On the banks of the Mekong River in the dry season, getting to the actual river itself is a ten minute trek. Arriving just after Tet-the lunar new year in Southeast Asia, Vientiane seems quite sleepy after the festivals, fireworks, and hanging lanterns of Hanoi and Hoi An in neighboring Vietnam.
Laos, as many seasoned travelers in Asia will mention, is more what Asian countries used to be in contrast to what they have quickly become: Crowded, dirty, car-clogged, and in real danger of losing their individual identities to the generic glass and steel towers of the modern era. Rows of looming concrete monoliths with tinted windows have obliterated the modest houses, shops, and apartment buildings with their lively alleys and courtyards, replaced by karaoke bars, buffets, and endless high walls and guarded gatehouses at every turn. No so with Vientiane.
In fact, it was the first city of any size we have visited without the obligatory KFC/Pizza Hut/McDonald’s trifecta of American food imports. No tall buildings, no luxury high-rise hotels and no golden arches. Somehow, perhaps a general poverty and a dearth of infrastructure has left Laos a quick parting peek though a closing window.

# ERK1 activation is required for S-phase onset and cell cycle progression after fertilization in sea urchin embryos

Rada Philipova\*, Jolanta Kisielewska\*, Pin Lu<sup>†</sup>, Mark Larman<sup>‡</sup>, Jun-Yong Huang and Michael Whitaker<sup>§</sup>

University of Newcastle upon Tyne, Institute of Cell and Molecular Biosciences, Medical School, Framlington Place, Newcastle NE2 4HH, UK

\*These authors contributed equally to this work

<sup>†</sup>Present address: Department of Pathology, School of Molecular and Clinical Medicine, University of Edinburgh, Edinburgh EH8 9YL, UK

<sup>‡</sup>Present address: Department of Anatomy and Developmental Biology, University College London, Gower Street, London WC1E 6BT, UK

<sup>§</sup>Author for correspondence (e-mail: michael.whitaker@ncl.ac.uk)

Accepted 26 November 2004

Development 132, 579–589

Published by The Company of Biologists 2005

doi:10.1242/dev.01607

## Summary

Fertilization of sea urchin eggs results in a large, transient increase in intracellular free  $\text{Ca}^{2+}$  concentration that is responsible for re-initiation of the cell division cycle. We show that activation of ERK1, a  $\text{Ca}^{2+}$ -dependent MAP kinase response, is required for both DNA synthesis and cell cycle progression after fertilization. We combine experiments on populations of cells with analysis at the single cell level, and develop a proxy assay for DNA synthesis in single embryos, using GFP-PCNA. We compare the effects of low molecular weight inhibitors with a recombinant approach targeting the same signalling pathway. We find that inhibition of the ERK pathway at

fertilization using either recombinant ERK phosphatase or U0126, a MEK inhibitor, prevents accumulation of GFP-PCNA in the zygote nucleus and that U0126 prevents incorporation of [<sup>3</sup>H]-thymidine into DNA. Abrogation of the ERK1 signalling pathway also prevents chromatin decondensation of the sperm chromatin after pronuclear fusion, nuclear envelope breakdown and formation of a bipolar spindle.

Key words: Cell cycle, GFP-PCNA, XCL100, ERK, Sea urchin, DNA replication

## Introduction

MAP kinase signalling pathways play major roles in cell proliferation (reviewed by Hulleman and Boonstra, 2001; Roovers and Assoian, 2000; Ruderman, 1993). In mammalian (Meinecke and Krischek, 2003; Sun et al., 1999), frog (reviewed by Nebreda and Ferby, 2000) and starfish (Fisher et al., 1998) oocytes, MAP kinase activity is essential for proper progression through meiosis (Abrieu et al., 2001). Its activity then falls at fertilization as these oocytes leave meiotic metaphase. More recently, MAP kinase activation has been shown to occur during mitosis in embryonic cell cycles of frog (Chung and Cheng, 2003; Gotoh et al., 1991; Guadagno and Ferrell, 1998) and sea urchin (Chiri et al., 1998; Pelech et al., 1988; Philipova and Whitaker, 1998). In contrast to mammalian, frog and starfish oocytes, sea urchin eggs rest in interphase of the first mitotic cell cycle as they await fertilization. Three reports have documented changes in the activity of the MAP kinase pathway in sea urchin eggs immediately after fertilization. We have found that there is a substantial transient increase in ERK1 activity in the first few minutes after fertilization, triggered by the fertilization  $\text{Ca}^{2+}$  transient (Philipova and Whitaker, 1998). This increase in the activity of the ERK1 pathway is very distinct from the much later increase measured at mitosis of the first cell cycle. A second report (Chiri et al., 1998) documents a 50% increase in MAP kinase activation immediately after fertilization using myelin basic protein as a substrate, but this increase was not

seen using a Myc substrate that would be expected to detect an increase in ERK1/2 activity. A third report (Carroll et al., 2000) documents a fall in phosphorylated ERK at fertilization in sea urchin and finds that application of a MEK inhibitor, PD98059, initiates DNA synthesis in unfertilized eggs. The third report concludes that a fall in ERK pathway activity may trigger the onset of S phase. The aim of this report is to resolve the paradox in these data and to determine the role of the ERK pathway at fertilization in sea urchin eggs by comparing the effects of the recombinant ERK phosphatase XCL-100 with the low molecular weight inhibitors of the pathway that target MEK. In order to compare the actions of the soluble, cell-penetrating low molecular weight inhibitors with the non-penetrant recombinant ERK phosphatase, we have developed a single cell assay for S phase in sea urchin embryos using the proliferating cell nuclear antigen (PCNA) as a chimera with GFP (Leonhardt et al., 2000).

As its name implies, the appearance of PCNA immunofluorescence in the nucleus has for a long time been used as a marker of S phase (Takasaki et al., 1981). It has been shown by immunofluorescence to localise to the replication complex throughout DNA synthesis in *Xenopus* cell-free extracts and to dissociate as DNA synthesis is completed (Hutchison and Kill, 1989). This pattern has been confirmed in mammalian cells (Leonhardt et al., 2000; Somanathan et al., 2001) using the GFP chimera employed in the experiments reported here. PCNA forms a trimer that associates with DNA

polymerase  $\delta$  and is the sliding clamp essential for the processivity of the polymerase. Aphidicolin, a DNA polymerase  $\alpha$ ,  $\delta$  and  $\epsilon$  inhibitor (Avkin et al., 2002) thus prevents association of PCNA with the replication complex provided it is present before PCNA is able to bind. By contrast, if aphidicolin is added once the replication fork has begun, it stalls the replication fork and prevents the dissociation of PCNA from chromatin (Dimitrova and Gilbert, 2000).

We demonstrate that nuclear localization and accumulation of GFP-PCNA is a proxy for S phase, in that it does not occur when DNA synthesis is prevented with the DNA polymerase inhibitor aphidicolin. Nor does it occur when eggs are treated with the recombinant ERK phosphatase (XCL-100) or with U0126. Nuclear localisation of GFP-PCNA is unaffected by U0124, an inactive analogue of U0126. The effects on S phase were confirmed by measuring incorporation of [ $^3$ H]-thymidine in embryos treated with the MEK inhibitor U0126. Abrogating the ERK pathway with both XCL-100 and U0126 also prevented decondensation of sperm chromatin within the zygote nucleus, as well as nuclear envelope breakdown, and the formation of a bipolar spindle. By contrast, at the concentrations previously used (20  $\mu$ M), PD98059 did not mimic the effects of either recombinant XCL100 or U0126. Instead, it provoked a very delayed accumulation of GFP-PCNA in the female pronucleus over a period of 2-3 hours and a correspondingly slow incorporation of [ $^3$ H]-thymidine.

Separated only by the thin ribbon of a greatly-drained river, the Mekong is the only physical boundary between Laos and its more traveled southern neighbor Thailand. During the day, the area that makes up the Mekong riverside is all but deserted, due mainly as we discovered, by the relentless sun and acres of tree-less concrete that make up the area from the French-influenced but closed off Presidential Palace and the Lao Textiles factory several kilometers west. Incidentally, local hand-made items including clothing, woven baskets, rugs, and silk textiles in particular are the best items to take home with you.
As the sun sets, however, the spiritual atmosphere changes along with the physical as the area turns into a giant friendly village. Hundreds of locals join the relatively few western tourists as the sun sinks into the river, the air finally cools, and the nightly light show begins. People ramble along the riverfront, water or not, and watch the sun sink into the river toward Thailand and Burma. By dark, dozens of home-made stalls and colorful tents light up along the the walkways and park area as mobs of children and teens make their way along the waterfront and in the marketplace. Vendors sell trinkets, watches, crafts, Lao silks and textiles, clothes, and food of every sort. Noodles, curries, steamed sticky rice, stews, and my favorite: mock pa-steamed fish wrapped in banana leaves round out the street food menu. The local beer, simply titled Beerlao and brewed with local jasmine rice and hops and yeast from Germany is the pride of the city and sold in every other tent.